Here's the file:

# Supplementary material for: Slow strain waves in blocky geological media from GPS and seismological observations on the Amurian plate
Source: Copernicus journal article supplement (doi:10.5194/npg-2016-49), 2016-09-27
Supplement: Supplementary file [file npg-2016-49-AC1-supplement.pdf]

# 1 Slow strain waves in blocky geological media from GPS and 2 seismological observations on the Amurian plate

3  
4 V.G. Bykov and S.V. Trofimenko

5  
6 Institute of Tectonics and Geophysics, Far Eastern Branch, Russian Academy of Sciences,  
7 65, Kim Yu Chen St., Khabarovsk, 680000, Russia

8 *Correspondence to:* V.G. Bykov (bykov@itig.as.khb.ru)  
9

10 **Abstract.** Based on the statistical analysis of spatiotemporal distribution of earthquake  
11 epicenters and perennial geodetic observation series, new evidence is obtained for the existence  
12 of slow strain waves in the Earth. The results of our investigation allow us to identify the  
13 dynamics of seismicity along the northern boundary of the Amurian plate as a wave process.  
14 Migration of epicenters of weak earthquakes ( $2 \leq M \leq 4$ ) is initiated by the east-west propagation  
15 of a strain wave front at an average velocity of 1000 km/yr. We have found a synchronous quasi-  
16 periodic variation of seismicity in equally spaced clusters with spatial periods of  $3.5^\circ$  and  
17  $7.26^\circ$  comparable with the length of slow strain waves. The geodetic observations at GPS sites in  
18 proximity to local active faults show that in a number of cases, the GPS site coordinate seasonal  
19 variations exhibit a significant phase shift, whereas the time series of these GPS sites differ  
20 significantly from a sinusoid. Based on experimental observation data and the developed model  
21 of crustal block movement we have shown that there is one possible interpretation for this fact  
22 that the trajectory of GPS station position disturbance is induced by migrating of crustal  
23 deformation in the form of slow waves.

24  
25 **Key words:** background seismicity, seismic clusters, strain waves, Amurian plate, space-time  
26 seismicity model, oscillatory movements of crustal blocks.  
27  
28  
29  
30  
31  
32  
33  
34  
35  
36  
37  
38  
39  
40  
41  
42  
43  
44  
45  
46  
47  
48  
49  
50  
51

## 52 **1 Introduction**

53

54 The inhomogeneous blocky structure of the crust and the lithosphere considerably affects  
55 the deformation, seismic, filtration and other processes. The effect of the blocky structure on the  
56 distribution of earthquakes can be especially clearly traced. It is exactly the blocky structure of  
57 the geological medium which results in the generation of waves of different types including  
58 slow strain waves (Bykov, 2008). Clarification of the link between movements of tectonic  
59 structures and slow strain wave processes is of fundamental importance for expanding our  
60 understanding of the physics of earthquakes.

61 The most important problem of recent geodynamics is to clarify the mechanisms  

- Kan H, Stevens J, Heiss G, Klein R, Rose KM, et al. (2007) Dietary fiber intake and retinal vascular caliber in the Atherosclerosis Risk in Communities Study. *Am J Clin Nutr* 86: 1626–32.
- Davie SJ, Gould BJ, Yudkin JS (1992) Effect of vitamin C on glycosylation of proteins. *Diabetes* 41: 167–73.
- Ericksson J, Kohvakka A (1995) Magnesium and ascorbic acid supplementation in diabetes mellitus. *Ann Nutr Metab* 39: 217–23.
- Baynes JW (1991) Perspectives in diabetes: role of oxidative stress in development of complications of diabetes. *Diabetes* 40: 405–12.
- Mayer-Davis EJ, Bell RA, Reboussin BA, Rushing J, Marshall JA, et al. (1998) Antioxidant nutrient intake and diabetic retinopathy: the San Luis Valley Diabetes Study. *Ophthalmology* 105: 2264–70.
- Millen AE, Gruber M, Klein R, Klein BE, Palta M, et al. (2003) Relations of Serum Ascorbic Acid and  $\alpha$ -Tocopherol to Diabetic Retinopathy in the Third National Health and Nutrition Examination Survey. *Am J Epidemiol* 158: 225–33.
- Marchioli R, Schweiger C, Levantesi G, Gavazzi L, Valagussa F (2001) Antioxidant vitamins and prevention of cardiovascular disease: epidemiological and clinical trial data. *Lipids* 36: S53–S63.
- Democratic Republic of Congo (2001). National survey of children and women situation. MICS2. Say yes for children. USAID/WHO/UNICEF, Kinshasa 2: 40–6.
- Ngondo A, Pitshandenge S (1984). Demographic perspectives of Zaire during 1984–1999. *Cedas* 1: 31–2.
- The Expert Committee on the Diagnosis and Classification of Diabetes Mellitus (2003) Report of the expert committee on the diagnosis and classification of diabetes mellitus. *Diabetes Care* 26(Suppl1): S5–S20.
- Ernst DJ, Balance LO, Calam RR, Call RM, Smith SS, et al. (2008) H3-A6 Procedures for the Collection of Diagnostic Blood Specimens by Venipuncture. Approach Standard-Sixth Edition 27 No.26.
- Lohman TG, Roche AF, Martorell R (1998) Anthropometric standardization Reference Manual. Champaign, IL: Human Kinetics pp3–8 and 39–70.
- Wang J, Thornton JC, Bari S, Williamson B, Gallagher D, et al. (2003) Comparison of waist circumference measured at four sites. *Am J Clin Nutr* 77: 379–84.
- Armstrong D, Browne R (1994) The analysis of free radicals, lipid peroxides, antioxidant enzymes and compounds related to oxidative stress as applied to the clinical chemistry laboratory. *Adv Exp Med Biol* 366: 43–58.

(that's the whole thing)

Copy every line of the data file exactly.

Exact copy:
# Supplementary material for: Slow strain waves in blocky geological media from GPS and seismological observations on the Amurian plate
Source: Copernicus journal article supplement (doi:10.5194/npg-2016-49), 2016-09-27
Supplement: Supplementary file [file npg-2016-49-AC1-supplement.pdf]

# 1 Slow strain waves in blocky geological media from GPS and 2 seismological observations on the Amurian plate

3  
4 V.G. Bykov and S.V. Trofimenko

5  
6 Institute of Tectonics and Geophysics, Far Eastern Branch, Russian Academy of Sciences,  
7 65, Kim Yu Chen St., Khabarovsk, 680000, Russia

8 *Correspondence to:* V.G. Bykov (bykov@itig.as.khb.ru)  
9

10 **Abstract.** Based on the statistical analysis of spatiotemporal distribution of earthquake  
11 epicenters and perennial geodetic observation series, new evidence is obtained for the existence  
12 of slow strain waves in the Earth. The results of our investigation allow us to identify the  
13 dynamics of seismicity along the northern boundary of the Amurian plate as a wave process.  
14 Migration of epicenters of weak earthquakes ( $2 \leq M \leq 4$ ) is initiated by the east-west propagation  
15 of a strain wave front at an average velocity of 1000 km/yr. We have found a synchronous quasi-  
16 periodic variation of seismicity in equally spaced clusters with spatial periods of  $3.5^\circ$  and  
17  $7.26^\circ$  comparable with the length of slow strain waves. The geodetic observations at GPS sites in  
18 proximity to local active faults show that in a number of cases, the GPS site coordinate seasonal  
19 variations exhibit a significant phase shift, whereas the time series of these GPS sites differ  
20 significantly from a sinusoid. Based on experimental observation data and the developed model  
21 of crustal block movement we have shown that there is one possible interpretation for this fact  
22 that the trajectory of GPS station position disturbance is induced by migrating of crustal  
23 deformation in the form of slow waves.

24  
25 **Key words:** background seismicity, seismic clusters, strain waves, Amurian plate, space-time  
26 seismicity model, oscillatory movements of crustal blocks.  
27  
28  
29  
30  
31  
32  
33  
34  
35  
36  
37  
38  
39  
40  
41  
42  
43  
44  
45  
46  
47  
48  
49  
50  
51

## 52 **1 Introduction**

53

54 The inhomogeneous blocky structure of the crust and the lithosphere considerably affects  
55 the deformation, seismic, filtration and other processes. The effect of the blocky structure on the  
56 distribution of earthquakes can be especially clearly traced. It is exactly the blocky structure of  
57 the geological medium which results in the generation of waves of different types including  
58 slow strain waves (Bykov, 2008). Clarification of the link between movements of tectonic  
59 structures and slow strain wave processes is of fundamental importance for expanding our  
60 understanding of the physics of earthquakes.

61 The most important problem of recent geodynamics is to clarify the mechanisms  

- Kan H, Stevens J, Heiss G, Klein R, Rose KM, et al. (2007) Dietary fiber intake and retinal vascular caliber in the Atherosclerosis Risk in Communities Study. *Am J Clin Nutr* 86: 1626–32.
- Davie SJ, Gould BJ, Yudkin JS (1992) Effect of vitamin C on glycosylation of proteins. *Diabetes* 41: 167–73.
- Ericksson J, Kohvakka A (1995) Magnesium and ascorbic acid supplementation in diabetes mellitus. *Ann Nutr Metab* 39: 217–23.
- Baynes JW (1991) Perspectives in diabetes: role of oxidative stress in development of complications of diabetes. *Diabetes* 40: 405–12.
- Mayer-Davis EJ, Bell RA, Reboussin BA, Rushing J, Marshall JA, et al. (1998) Antioxidant nutrient intake and diabetic retinopathy: the San Luis Valley Diabetes Study. *Ophthalmology* 105: 2264–70.
- Millen AE, Gruber M, Klein R, Klein BE, Palta M, et al. (2003) Relations of Serum Ascorbic Acid and  $\alpha$ -Tocopherol to Diabetic Retinopathy in the Third National Health and Nutrition Examination Survey. *Am J Epidemiol* 158: 225–33.
- Marchioli R, Schweiger C, Levantesi G, Gavazzi L, Valagussa F (2001) Antioxidant vitamins and prevention of cardiovascular disease: epidemiological and clinical trial data. *Lipids* 36: S53–S63.
- Democratic Republic of Congo (2001). National survey of children and women situation. MICS2. Say yes for children. USAID/WHO/UNICEF, Kinshasa 2: 40–6.
- Ngondo A, Pitshandenge S (1984). Demographic perspectives of Zaire during 1984–1999. *Cedas* 1: 31–2.
- The Expert Committee on the Diagnosis and Classification of Diabetes Mellitus (2003) Report of the expert committee on the diagnosis and classification of diabetes mellitus. *Diabetes Care* 26(Suppl1): S5–S20.
- Ernst DJ, Balance LO, Calam RR, Call RM, Smith SS, et al. (2008) H3-A6 Procedures for the Collection of Diagnostic Blood Specimens by Venipuncture. Approach Standard-Sixth Edition 27 No.26.
- Lohman TG, Roche AF, Martorell R (1998) Anthropometric standardization Reference Manual. Champaign, IL: Human Kinetics pp3–8 and 39–70.
- Wang J, Thornton JC, Bari S, Williamson B, Gallagher D, et al. (2003) Comparison of waist circumference measured at four sites. *Am J Clin Nutr* 77: 379–84.
- Armstrong D, Browne R (1994) The analysis of free radicals, lipid peroxides, antioxidant enzymes and compounds related to oxidative stress as applied to the clinical chemistry laboratory. *Adv Exp Med Biol* 366: 43–58.